*Names in bold indicate Presenter
This study uses the HSIS data to examine the effects of Head Start on children who otherwise would have no access to center-based care. Children in the HSIS control group received a mixture of alternative care arrangements, including another Head Start program, other center-based care, relative/non-relative care, and parental care. Research has shown that the type and quality of care arrangements are closely related to children’s developmental outcomes. A preliminary analysis of the HSIS data finds that the effects of Head Start after one year of the HSIS random assignment vary substantially depending on the counterfactual care arrangement. Head Start has generally large, favorable effects on cognitive and behavioral outcomes when compared to parental care and relative/non-relative care, while few differences are found between Head Start and other center-based care.
Using the currently available HSIS data, this study investigates whether the favorable effects of Head Start on children who otherwise would have parental care or relative/non-relative care are sustained after one year of the HSIS random assignment, including at age 4 for the 3-year cohort and in kindergarten and first grade for both 3- and 4-year cohorts. The cognitive outcomes available in these waves of data were collected from direct assessments, including Peabody Picture Vocabulary Test (PPVT) Receptive Vocabulary and Woodcock-Johnson III Letter-Word Identification and Applied Problems. The behavioral outcomes were reported by parents, including Aggressive Behavior, Hyperactive Behavior, Withdrawn Behavior, and Behavior Problem. The analysis sample in preschool has a total of 3,932 children, including 2,198 in the 3-year cohort (1,360 in treatment and 838 in control groups) and 1,734 in the 4-year cohort (1,065 in treatment and 669 in control groups).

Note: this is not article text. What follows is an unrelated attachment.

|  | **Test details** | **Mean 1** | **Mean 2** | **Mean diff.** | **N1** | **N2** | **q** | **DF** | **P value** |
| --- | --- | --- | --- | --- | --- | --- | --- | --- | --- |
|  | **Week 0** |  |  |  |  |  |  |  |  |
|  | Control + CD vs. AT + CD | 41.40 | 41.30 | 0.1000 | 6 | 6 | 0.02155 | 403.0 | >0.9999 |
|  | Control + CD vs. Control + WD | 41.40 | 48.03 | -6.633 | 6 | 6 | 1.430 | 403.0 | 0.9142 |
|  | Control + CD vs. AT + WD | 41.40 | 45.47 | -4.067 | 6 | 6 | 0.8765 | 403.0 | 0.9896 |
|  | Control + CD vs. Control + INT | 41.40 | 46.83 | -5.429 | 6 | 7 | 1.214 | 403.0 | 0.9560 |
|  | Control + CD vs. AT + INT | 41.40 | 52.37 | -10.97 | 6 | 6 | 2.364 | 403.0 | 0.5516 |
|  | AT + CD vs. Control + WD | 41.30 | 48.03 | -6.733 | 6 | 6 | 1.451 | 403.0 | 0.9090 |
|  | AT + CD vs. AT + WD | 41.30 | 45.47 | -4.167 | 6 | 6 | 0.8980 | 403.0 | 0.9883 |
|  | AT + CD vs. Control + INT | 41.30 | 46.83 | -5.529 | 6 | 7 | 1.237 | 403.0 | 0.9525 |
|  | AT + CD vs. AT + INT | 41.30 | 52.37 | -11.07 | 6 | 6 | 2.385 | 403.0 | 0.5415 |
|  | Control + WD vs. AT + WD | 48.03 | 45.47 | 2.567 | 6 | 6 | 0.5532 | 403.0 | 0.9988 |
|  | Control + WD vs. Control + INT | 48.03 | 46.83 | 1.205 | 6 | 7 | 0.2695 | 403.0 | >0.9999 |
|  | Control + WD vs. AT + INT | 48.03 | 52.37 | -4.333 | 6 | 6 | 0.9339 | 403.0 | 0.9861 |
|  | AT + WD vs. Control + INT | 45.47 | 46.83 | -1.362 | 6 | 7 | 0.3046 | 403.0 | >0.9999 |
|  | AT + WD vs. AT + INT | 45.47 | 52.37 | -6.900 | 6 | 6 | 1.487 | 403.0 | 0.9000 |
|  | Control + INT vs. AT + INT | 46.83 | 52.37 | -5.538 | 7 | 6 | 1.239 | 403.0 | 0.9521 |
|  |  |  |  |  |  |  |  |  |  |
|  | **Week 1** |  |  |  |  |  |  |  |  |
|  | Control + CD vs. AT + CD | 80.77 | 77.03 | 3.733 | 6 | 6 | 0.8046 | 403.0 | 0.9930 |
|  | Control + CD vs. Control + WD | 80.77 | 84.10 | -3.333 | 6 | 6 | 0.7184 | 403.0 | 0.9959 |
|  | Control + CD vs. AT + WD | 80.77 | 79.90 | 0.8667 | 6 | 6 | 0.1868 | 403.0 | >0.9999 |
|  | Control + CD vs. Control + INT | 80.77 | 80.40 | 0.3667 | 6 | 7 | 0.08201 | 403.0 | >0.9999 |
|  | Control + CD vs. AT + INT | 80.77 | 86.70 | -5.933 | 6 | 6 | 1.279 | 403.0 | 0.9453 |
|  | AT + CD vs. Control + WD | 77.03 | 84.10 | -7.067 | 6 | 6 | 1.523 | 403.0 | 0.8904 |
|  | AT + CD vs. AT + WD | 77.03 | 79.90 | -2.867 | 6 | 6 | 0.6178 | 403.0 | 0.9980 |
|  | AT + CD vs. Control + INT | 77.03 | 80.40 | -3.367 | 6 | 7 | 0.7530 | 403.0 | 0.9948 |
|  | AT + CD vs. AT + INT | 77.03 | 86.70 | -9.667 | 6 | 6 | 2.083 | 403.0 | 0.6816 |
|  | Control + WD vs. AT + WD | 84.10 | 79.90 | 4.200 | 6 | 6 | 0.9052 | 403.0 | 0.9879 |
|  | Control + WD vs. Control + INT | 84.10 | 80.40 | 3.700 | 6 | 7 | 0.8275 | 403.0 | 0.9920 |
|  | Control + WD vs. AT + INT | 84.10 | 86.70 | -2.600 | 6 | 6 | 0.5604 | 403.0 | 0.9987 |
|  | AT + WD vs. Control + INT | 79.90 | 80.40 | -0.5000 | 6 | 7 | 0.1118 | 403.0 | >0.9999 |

There is an issue of self-selection because children in the control group chose different care arrangements due to variation in pretreatment covariates. Similarly, children in the treatment group would also have chosen different arrangements if they had been assigned to the control group. Since the randomization in the HSIS was conducted over the eligibility to enroll in Head Start but not other specific care arrangements, a direct comparison of Head Start to other specific arrangements would be internally invalid. This study uses principal score matching to first estimate the probabilities of choosing different care arrangements for children in the control group, and then applies the predicted parameters to the treatment group to estimate the probabilities of having these arrangements for Head Start participants if they had been assigned to the control group. Children with similar principal scores are then matched and their outcomes are compared.
The findings of this study provide important implications regarding whether Head Start would be most beneficial for children who otherwise would have no access to center-based care.